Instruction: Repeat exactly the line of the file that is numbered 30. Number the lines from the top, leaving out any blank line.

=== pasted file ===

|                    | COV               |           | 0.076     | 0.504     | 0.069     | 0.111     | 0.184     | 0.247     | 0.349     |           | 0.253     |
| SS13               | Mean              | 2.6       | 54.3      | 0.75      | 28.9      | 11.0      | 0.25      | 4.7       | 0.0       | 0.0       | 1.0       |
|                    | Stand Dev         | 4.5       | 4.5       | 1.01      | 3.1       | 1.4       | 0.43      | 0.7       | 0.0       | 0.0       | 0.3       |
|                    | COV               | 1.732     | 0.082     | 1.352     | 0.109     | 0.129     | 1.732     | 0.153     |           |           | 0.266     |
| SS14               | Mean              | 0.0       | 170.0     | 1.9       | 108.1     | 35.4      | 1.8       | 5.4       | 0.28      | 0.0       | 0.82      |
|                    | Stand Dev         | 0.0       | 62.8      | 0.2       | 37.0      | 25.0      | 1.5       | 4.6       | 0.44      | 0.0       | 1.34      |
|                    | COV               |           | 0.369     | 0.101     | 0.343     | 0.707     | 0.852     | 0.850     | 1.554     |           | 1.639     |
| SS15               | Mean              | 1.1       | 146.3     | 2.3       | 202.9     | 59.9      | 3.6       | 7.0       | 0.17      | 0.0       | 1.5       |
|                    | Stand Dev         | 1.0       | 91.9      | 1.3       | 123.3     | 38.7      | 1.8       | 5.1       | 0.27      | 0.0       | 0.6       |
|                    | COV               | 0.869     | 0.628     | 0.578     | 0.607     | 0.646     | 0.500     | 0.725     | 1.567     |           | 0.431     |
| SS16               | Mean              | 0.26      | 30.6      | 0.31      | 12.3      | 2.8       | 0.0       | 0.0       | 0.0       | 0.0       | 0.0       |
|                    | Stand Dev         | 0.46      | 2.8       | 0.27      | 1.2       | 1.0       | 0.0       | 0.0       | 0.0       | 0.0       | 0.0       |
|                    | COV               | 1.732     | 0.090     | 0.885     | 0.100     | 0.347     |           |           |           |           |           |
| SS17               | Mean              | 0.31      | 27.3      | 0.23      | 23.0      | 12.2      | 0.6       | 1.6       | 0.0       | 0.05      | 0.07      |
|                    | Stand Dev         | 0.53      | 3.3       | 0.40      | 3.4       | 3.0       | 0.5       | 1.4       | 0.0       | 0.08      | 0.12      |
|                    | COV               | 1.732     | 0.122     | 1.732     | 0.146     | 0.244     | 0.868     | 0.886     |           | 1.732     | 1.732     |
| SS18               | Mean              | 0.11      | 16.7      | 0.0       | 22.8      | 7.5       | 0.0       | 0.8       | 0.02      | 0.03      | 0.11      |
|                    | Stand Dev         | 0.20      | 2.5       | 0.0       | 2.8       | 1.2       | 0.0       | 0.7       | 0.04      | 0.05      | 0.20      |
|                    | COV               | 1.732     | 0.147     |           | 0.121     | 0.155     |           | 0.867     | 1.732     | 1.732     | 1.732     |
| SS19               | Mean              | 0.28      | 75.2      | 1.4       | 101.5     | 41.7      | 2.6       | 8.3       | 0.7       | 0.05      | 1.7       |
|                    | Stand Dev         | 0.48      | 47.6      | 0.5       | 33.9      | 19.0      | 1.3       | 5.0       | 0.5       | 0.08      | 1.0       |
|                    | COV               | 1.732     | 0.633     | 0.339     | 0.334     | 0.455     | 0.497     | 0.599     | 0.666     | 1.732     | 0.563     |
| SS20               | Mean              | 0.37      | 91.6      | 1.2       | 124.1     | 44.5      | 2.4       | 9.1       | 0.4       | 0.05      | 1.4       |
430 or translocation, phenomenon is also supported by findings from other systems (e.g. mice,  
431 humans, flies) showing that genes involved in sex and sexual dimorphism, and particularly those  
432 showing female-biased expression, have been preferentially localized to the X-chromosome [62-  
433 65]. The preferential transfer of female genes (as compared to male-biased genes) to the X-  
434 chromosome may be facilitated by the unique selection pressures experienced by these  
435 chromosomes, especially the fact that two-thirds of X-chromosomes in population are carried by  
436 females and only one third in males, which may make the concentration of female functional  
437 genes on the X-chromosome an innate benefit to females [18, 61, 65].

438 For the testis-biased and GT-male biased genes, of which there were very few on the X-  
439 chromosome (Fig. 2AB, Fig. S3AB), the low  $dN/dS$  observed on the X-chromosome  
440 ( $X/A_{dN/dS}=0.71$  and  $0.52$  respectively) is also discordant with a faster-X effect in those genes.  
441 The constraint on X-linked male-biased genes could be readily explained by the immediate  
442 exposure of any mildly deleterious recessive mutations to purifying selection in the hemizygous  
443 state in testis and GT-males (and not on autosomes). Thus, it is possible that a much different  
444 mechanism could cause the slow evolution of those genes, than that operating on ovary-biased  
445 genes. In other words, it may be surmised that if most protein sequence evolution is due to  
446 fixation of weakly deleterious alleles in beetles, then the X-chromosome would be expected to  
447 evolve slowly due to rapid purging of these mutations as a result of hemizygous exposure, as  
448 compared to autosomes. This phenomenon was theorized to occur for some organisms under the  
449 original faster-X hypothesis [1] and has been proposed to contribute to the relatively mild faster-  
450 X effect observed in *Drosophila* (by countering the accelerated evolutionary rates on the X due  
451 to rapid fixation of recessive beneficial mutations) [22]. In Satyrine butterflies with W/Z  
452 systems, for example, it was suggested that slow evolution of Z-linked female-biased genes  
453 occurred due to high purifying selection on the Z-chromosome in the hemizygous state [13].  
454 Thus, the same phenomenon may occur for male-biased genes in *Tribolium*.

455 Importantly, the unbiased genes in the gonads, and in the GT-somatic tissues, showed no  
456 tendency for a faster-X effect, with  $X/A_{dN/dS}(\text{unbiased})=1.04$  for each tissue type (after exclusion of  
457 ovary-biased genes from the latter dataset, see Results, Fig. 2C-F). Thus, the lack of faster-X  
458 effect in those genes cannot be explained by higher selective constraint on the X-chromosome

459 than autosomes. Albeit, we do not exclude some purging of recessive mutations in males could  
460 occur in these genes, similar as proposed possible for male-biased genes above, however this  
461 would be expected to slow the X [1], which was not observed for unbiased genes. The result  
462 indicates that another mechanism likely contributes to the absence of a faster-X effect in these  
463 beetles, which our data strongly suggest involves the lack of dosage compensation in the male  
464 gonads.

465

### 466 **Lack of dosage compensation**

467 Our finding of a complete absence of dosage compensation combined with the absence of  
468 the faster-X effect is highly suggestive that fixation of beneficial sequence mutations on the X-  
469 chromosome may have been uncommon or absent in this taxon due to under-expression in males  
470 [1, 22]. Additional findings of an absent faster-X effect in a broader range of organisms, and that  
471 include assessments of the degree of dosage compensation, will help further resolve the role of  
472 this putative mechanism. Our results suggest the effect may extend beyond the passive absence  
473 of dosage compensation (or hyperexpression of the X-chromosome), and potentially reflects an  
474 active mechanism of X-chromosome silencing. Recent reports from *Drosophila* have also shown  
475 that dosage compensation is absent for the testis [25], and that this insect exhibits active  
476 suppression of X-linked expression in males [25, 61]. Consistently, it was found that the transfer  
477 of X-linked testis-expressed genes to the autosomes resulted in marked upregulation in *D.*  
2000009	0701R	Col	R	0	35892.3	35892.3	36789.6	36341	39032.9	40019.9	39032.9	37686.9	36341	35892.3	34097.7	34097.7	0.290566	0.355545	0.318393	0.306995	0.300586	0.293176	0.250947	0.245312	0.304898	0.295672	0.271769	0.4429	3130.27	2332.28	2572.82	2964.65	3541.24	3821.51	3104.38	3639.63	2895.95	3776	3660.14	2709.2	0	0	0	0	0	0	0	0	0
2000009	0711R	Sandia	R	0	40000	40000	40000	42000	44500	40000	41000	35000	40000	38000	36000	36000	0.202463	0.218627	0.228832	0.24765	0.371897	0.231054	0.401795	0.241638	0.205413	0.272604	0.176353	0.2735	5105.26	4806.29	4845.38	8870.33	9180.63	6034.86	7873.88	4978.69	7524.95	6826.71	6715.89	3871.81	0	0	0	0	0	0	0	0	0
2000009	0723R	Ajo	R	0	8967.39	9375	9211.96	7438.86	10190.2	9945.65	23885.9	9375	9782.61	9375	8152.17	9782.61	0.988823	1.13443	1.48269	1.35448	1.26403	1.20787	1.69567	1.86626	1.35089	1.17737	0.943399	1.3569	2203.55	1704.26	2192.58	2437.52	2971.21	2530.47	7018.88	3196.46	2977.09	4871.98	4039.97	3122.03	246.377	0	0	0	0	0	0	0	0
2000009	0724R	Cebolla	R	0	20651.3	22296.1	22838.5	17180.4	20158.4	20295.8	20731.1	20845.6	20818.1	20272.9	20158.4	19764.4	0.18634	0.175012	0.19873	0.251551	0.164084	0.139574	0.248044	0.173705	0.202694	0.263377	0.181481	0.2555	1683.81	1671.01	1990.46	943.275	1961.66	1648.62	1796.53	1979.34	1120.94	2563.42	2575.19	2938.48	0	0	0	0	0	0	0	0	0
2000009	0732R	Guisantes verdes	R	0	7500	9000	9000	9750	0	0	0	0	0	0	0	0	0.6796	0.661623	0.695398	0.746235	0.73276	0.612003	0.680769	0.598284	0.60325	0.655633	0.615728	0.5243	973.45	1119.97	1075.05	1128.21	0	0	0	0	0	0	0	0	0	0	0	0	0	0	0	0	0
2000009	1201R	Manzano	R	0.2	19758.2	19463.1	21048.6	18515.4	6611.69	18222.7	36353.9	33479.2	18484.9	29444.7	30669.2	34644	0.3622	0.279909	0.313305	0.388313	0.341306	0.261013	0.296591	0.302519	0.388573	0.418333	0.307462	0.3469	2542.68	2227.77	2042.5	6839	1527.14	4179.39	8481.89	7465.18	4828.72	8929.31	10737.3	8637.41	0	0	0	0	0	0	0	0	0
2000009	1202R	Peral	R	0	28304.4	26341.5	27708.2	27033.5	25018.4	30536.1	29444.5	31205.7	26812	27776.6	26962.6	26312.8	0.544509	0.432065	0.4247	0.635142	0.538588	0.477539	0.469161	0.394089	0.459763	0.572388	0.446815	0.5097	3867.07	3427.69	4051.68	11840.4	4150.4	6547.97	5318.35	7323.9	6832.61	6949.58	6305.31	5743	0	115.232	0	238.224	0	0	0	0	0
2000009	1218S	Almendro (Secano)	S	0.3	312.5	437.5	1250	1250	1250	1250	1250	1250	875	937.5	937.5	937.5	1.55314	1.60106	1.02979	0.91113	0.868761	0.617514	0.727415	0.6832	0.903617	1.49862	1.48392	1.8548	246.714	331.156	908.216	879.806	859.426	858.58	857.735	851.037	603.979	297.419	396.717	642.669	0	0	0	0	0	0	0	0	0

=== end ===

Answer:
436 females and only one third in males, which may make the concentration of female functional  